Thursday, January 1, 2015
Set New Year Goals, Not Resolutions
As is my annual tradition, I will start the new year out with a reminder of my advice from an article I wrote in The Washington Post a couple of years back: Set Goals, Not Resolutions. You can check out the article at this link. And also see my full article on The Power of Goals at this link.
Here are some of the high points from the article.
If it’s time for you to set those once-a-year resolutions that you know will fade by March, then this article is not for you.
But if you are ready to make a long-term commitment to achieving higher levels of performance and having more satisfaction in life, then consider getting serious about goal-setting.
Effective goal-setting is a discipline based on well researched principles. Ask yourself, do you want to use your time in ways that are more relevant – relevant to what you care about most in your life? If so, then goal setting can put you on that path.
The first lesson is that you are probably not setting goals nearly enough. You are probably barely scratching the surface. To maximize performance you should consider setting long-term goals (e.g., five to 10 years) that you then break down into annual goals, quarterly goals, weekly goals, and even daily goals. To truly maximize performance, you should do this for every important domain of your personal and work life. This is based on one of the primary finding from the goal setting research.*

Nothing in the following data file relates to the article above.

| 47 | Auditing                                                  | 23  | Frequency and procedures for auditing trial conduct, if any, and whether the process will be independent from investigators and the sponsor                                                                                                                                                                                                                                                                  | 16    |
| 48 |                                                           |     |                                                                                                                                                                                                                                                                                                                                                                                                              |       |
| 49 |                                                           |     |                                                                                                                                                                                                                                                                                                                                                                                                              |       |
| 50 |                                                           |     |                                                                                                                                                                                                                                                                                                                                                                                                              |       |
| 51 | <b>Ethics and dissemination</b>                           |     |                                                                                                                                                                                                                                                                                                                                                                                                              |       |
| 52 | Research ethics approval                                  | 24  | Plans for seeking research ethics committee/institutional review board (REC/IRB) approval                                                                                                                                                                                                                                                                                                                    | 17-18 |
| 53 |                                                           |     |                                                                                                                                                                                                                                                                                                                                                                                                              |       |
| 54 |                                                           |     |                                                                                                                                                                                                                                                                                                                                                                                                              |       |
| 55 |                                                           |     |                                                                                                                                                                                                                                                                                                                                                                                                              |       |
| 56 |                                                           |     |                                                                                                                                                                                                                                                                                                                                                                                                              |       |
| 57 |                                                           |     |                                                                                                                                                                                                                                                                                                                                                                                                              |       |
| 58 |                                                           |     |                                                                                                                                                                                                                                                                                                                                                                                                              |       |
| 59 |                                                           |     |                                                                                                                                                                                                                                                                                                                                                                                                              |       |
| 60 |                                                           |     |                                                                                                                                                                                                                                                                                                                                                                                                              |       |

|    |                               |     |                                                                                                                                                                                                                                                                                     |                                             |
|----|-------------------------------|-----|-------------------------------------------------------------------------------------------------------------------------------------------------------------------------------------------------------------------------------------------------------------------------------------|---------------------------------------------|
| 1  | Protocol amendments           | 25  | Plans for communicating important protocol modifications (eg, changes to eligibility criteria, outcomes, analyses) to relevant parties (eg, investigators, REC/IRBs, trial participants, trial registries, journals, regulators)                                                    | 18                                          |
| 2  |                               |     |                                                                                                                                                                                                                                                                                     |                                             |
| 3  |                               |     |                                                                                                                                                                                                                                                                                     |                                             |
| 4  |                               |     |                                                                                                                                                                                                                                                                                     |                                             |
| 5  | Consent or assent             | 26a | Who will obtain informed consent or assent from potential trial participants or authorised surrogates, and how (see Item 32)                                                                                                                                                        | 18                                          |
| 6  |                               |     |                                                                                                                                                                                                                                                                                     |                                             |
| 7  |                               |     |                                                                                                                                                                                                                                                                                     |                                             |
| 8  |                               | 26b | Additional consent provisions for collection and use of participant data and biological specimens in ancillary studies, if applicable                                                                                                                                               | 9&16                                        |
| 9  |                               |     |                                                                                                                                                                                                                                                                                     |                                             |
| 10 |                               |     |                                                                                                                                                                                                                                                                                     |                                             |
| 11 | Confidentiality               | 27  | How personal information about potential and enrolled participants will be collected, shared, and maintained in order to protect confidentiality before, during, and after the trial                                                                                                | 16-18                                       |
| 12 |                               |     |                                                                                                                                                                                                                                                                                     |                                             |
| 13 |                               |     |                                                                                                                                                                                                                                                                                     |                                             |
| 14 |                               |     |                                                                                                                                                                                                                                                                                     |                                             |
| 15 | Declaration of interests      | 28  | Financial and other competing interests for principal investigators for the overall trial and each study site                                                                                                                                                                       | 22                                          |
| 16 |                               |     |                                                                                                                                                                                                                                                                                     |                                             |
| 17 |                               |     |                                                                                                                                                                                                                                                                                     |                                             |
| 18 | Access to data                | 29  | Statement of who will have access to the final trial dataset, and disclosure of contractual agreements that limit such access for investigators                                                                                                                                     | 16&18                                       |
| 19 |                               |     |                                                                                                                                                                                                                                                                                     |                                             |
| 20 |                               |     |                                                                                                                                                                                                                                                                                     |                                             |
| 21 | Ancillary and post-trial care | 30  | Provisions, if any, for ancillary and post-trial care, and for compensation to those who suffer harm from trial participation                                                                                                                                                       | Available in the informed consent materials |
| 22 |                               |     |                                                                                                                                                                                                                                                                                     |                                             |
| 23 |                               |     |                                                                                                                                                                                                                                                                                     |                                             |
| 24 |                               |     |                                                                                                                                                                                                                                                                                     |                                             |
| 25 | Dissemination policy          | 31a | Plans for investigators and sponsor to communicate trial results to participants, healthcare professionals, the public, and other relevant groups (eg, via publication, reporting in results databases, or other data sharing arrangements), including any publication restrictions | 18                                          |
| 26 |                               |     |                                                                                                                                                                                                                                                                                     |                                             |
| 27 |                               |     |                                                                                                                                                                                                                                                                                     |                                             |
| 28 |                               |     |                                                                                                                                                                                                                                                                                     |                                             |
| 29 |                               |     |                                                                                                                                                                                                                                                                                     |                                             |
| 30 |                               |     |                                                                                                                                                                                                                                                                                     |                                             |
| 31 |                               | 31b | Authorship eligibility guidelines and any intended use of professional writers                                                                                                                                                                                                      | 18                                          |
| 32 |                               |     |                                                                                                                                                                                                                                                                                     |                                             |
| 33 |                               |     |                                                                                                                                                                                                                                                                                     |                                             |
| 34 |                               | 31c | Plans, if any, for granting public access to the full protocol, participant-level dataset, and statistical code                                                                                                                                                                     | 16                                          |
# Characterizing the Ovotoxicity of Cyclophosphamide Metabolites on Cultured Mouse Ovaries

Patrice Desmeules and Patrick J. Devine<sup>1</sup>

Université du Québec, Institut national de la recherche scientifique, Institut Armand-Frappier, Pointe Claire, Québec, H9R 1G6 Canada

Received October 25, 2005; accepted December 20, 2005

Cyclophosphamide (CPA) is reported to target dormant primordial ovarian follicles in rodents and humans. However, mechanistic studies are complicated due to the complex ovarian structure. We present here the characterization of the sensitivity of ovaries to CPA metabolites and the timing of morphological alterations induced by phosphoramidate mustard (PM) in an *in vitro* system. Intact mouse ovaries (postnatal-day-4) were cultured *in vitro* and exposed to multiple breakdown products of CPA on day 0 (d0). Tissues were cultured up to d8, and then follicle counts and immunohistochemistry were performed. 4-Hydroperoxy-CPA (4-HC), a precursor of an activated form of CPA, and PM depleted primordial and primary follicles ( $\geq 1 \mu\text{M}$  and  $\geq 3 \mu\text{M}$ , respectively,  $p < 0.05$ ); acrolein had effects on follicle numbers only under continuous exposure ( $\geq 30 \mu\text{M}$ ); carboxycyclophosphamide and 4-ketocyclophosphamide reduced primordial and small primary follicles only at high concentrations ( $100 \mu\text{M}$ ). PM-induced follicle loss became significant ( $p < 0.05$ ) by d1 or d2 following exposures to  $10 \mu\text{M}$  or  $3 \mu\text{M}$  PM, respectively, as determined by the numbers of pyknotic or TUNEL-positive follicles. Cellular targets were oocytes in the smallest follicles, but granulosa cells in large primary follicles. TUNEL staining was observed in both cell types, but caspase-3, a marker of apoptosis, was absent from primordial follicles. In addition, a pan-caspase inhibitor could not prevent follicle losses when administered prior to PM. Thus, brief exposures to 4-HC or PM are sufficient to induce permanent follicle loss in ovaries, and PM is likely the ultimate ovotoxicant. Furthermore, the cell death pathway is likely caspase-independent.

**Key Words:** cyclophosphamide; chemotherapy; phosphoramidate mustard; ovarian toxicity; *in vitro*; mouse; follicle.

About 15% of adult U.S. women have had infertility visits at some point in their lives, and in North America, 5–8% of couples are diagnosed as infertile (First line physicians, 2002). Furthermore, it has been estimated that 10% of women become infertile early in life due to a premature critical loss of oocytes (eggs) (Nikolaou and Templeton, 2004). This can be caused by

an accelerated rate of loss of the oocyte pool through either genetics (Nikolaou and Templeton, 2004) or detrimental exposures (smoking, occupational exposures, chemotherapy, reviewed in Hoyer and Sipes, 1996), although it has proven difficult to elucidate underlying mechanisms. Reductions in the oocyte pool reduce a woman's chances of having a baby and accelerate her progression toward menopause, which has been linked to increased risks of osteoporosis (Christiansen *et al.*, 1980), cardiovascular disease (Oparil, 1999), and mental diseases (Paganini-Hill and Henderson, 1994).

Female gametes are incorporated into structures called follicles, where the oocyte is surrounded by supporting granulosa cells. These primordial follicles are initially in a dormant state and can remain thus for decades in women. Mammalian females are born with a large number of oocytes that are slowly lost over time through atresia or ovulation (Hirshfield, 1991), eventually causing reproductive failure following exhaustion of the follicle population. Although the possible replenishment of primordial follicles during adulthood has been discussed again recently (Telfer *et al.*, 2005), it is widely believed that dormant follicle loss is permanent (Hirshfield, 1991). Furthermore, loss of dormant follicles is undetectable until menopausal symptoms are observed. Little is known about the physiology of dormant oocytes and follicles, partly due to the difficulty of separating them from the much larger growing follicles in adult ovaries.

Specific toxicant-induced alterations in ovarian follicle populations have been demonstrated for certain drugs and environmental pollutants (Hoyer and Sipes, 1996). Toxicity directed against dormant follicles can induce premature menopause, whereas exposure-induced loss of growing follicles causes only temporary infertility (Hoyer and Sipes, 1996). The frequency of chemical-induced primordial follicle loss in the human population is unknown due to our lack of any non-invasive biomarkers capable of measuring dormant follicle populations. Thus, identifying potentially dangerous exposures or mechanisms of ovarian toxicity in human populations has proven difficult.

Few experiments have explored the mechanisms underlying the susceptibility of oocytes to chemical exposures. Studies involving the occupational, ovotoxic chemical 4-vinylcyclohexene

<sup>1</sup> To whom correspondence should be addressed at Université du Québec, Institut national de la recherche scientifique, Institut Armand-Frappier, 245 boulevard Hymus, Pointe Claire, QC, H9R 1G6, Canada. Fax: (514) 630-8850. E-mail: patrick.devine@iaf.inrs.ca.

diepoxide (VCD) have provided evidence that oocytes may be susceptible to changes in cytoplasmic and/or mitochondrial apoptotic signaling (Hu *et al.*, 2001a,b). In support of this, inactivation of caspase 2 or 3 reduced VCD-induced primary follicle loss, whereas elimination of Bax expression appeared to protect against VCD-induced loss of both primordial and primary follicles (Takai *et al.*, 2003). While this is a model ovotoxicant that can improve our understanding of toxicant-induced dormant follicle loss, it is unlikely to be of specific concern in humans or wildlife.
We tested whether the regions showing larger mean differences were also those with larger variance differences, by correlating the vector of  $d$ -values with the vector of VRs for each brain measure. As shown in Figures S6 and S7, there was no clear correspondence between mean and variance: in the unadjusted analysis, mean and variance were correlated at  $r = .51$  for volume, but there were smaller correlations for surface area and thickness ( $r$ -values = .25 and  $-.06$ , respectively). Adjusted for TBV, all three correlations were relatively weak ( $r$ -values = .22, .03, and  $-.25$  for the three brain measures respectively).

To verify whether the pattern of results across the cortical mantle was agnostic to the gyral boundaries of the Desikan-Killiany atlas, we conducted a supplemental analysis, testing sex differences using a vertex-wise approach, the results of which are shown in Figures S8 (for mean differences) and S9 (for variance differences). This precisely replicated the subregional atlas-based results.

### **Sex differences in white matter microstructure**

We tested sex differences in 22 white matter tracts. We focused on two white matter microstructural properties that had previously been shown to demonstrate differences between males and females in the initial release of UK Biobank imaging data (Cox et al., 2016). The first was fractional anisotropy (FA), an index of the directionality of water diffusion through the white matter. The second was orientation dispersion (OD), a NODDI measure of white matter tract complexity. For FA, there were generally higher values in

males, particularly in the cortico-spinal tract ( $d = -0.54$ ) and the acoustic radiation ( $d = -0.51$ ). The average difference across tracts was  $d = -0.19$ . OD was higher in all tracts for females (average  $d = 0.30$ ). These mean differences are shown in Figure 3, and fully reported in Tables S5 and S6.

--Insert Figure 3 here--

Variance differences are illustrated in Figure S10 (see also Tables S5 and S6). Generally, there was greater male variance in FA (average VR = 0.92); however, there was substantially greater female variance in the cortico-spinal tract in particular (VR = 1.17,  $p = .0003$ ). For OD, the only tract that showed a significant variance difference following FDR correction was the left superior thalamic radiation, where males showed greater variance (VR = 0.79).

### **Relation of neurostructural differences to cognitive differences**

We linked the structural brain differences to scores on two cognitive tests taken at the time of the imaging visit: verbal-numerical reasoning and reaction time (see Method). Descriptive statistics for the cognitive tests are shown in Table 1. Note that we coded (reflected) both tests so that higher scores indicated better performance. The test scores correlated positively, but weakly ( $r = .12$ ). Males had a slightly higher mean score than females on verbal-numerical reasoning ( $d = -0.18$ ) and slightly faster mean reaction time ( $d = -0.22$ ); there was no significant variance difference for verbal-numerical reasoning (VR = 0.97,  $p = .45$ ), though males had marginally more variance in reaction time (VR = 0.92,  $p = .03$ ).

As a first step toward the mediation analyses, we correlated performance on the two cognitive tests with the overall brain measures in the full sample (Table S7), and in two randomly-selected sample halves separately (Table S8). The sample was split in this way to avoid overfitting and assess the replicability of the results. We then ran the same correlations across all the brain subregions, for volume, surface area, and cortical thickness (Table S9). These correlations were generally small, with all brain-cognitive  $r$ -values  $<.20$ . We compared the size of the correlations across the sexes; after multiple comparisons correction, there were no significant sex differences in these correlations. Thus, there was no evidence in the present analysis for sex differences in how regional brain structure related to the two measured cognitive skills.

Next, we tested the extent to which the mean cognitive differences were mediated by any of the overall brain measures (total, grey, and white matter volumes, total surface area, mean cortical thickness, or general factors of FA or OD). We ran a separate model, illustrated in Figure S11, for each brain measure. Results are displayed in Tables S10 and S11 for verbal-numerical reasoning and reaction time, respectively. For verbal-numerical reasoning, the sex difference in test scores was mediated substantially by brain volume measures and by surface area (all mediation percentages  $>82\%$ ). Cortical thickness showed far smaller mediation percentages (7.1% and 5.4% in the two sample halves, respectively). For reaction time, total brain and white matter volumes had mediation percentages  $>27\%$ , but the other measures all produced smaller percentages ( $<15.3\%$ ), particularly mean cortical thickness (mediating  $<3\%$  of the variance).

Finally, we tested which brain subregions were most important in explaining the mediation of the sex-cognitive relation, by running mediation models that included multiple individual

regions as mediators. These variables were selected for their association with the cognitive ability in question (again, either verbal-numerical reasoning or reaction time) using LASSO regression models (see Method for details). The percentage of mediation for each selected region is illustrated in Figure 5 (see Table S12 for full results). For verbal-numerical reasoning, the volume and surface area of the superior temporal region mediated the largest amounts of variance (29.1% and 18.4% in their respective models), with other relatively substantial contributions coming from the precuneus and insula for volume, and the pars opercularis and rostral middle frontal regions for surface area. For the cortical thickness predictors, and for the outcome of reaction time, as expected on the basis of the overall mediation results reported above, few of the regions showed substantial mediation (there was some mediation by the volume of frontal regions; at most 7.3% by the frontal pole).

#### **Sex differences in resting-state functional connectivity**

Goals direct attention and action toward relevant activities and away from non-relevant activities.
If you want to really start your new year off right, then follow these guidelines for effective goal setting:
*Set goals as outcomes – on what you really want, not the activities that may lead toward them.
*Make sure that all your goals are SMRT: Specific, Measurable, Relevant, Time-Bound
*Use the right “A” in your SMART goal formula. All goals need to be SMRT. But to be SMART you need to pick the “A” that is right for your situation. Here are your options:
1. Attainable Goals, which you have an 80+% chance of accomplishing, are good if failing will have many negative consequences. Attainable goals are good to build some momentum with easy wins, or to learn more about new environments, or if you are concerned about getting discouraged.
2. Aggressive Goals, which you have a 35% chance of accomplishing, will improve your performance. Research shows that the more difficult the goal, the higher the level of performance.* If you feel like you have a good system and you want to maximize performance of it, then this method will help you do it.
3. Almost Impossible Stretch Goals, which you have a 1% chance of accomplishing, will require you to design innovative ways of going about accomplishing your goal. “Working harder” on the same process won’t do it. You have an opportunity for breakthrough performance with Almost Impossible Stretch Goals.
*Celebrate Noble Failure. If you are inspired to pursue a goal and you go for it, but you don’t make it all the way, then appreciate the progress you have made and appreciate that you worked hard at something you really cared about. This mind-set will bring you more long-term success than letting the fear of failure keep you from doing what truly inspires you.
I provide more extensive detail on goal in this article, The Power of Goals. If you use these principles and apply them to your personal and work life then I promise you much higher levels of performance, fulfillment, and satisfaction. But it only works if you take it on as a true, committed discipline – not a once a year fad. Good luck with all of your goals!
*A Theory of Goal Setting & Task Performance, by Edwin Locke and Gary Latham
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Posted by Dr. Rob Sheehan at 9:44 AM